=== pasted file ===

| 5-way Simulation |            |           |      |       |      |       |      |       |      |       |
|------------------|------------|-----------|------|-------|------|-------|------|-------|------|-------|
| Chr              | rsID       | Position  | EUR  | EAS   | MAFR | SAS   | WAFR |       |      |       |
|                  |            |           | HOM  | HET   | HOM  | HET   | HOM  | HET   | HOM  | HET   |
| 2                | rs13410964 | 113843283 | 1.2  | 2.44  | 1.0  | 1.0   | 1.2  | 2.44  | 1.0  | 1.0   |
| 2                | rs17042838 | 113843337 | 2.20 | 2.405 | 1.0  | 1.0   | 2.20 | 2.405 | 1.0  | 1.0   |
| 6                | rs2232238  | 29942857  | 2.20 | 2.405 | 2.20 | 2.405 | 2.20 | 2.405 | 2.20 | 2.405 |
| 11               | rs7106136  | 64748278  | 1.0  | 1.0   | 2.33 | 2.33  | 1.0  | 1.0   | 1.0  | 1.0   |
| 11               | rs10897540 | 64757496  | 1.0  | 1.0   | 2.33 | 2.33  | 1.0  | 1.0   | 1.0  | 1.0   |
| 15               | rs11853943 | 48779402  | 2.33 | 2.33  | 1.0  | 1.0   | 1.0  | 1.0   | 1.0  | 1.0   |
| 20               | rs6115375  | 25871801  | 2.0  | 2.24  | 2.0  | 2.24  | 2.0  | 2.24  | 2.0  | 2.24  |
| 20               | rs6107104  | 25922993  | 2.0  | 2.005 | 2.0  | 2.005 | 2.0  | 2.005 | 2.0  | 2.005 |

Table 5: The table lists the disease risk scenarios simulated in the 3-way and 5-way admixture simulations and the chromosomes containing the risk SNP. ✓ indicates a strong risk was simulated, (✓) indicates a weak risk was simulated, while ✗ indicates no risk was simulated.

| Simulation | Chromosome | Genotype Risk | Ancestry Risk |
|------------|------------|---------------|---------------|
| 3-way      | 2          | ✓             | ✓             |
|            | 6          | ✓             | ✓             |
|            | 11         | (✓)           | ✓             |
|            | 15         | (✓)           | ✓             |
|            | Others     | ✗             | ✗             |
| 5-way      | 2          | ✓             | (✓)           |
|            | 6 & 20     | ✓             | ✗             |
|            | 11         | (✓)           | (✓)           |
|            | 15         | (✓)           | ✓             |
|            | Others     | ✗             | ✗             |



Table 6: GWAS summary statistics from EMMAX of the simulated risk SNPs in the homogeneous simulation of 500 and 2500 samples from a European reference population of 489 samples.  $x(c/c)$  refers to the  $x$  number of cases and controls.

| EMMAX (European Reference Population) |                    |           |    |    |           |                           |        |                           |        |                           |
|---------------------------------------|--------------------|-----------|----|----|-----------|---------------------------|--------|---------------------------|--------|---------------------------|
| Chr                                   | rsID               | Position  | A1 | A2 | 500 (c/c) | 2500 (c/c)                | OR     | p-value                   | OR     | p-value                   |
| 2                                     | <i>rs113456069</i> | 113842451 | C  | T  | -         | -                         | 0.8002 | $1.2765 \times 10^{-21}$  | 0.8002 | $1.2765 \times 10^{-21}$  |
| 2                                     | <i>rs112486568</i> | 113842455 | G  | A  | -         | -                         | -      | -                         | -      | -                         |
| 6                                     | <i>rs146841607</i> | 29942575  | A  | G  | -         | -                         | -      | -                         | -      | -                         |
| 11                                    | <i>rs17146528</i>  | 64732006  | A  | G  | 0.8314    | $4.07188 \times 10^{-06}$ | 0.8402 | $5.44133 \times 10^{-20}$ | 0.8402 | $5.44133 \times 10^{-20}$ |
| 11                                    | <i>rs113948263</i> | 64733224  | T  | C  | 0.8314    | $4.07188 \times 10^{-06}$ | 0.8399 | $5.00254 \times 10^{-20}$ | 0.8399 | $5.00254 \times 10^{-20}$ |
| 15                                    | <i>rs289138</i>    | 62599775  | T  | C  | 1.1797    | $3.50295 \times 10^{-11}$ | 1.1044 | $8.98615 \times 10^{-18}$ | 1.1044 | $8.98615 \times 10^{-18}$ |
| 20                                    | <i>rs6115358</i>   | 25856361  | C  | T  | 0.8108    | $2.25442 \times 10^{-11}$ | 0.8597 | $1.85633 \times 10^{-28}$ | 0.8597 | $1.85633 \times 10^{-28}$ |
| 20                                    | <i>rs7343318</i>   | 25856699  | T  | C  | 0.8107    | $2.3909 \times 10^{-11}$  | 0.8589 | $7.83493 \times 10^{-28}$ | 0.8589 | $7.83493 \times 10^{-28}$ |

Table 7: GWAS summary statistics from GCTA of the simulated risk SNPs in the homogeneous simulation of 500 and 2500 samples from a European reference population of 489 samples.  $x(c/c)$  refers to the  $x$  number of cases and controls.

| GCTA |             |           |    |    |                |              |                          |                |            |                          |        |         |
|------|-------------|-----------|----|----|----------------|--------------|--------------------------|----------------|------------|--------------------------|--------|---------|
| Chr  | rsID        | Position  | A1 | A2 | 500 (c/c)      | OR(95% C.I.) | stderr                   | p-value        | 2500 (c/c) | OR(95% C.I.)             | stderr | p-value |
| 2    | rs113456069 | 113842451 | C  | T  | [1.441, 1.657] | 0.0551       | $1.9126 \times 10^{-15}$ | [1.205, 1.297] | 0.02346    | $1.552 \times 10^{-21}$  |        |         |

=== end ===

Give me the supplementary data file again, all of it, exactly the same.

| 5-way Simulation |            |           |      |       |      |       |      |       |      |       |
|------------------|------------|-----------|------|-------|------|-------|------|-------|------|-------|
| Chr              | rsID       | Position  | EUR  | EAS   | MAFR | SAS   | WAFR |       |      |       |
|                  |            |           | HOM  | HET   | HOM  | HET   | HOM  | HET   | HOM  | HET   |
| 2                | rs13410964 | 113843283 | 1.2  | 2.44  | 1.0  | 1.0   | 1.2  | 2.44  | 1.0  | 1.0   |
| 2                | rs17042838 | 113843337 | 2.20 | 2.405 | 1.0  | 1.0   | 2.20 | 2.405 | 1.0  | 1.0   |
| 6                | rs2232238  | 29942857  | 2.20 | 2.405 | 2.20 | 2.405 | 2.20 | 2.405 | 2.20 | 2.405 |
| 11               | rs7106136  | 64748278  | 1.0  | 1.0   | 2.33 | 2.33  | 1.0  | 1.0   | 1.0  | 1.0   |
| 11               | rs10897540 | 64757496  | 1.0  | 1.0   | 2.33 | 2.33  | 1.0  | 1.0   | 1.0  | 1.0   |
| 15               | rs11853943 | 48779402  | 2.33 | 2.33  | 1.0  | 1.0   | 1.0  | 1.0   | 1.0  | 1.0   |
| 20               | rs6115375  | 25871801  | 2.0  | 2.24  | 2.0  | 2.24  | 2.0  | 2.24  | 2.0  | 2.24  |
| 20               | rs6107104  | 25922993  | 2.0  | 2.005 | 2.0  | 2.005 | 2.0  | 2.005 | 2.0  | 2.005 |

Table 5: The table lists the disease risk scenarios simulated in the 3-way and 5-way admixture simulations and the chromosomes containing the risk SNP. ✓ indicates a strong risk was simulated, (✓) indicates a weak risk was simulated, while ✗ indicates no risk was simulated.

| Simulation | Chromosome | Genotype Risk | Ancestry Risk |
|------------|------------|---------------|---------------|
| 3-way      | 2          | ✓             | ✓             |
|            | 6          | ✓             | ✓             |
|            | 11         | (✓)           | ✓             |
|            | 15         | (✓)           | ✓             |
|            | Others     | ✗             | ✗             |
| 5-way      | 2          | ✓             | (✓)           |
|            | 6 & 20     | ✓             | ✗             |
|            | 11         | (✓)           | (✓)           |
|            | 15         | (✓)           | ✓             |
|            | Others     | ✗             | ✗             |



Table 6: GWAS summary statistics from EMMAX of the simulated risk SNPs in the homogeneous simulation of 500 and 2500 samples from a European reference population of 489 samples.  $x(c/c)$  refers to the  $x$  number of cases and controls.

| EMMAX (European Reference Population) |                    |           |    |    |           |                           |        |                           |        |                           |
|---------------------------------------|--------------------|-----------|----|----|-----------|---------------------------|--------|---------------------------|--------|---------------------------|
| Chr                                   | rsID               | Position  | A1 | A2 | 500 (c/c) | 2500 (c/c)                | OR     | p-value                   | OR     | p-value                   |
| 2                                     | <i>rs113456069</i> | 113842451 | C  | T  | -         | -                         | 0.8002 | $1.2765 \times 10^{-21}$  | 0.8002 | $1.2765 \times 10^{-21}$  |
| 2                                     | <i>rs112486568</i> | 113842455 | G  | A  | -         | -                         | -      | -                         | -      | -                         |
| 6                                     | <i>rs146841607</i> | 29942575  | A  | G  | -         | -                         | -      | -                         | -      | -                         |
| 11                                    | <i>rs17146528</i>  | 64732006  | A  | G  | 0.8314    | $4.07188 \times 10^{-06}$ | 0.8402 | $5.44133 \times 10^{-20}$ | 0.8402 | $5.44133 \times 10^{-20}$ |
| 11                                    | <i>rs113948263</i> | 64733224  | T  | C  | 0.8314    | $4.07188 \times 10^{-06}$ | 0.8399 | $5.00254 \times 10^{-20}$ | 0.8399 | $5.00254 \times 10^{-20}$ |
| 15                                    | <i>rs289138</i>    | 62599775  | T  | C  | 1.1797    | $3.50295 \times 10^{-11}$ | 1.1044 | $8.98615 \times 10^{-18}$ | 1.1044 | $8.98615 \times 10^{-18}$ |
| 20                                    | <i>rs6115358</i>   | 25856361  | C  | T  | 0.8108    | $2.25442 \times 10^{-11}$ | 0.8597 | $1.85633 \times 10^{-28}$ | 0.8597 | $1.85633 \times 10^{-28}$ |
| 20                                    | <i>rs7343318</i>   | 25856699  | T  | C  | 0.8107    | $2.3909 \times 10^{-11}$  | 0.8589 | $7.83493 \times 10^{-28}$ | 0.8589 | $7.83493 \times 10^{-28}$ |

Table 7: GWAS summary statistics from GCTA of the simulated risk SNPs in the homogeneous simulation of 500 and 2500 samples from a European reference population of 489 samples.  $x(c/c)$  refers to the  $x$  number of cases and controls.

| GCTA |             |           |    |    |                |              |                          |                |            |                          |        |         |
|------|-------------|-----------|----|----|----------------|--------------|--------------------------|----------------|------------|--------------------------|--------|---------|
| Chr  | rsID        | Position  | A1 | A2 | 500 (c/c)      | OR(95% C.I.) | stderr                   | p-value        | 2500 (c/c) | OR(95% C.I.)             | stderr | p-value |
| 2    | rs113456069 | 113842451 | C  | T  | [1.441, 1.657] | 0.0551       | $1.9126 \times 10^{-15}$ | [1.205, 1.297] | 0.02346    | $1.552 \times 10^{-21}$  |        |         |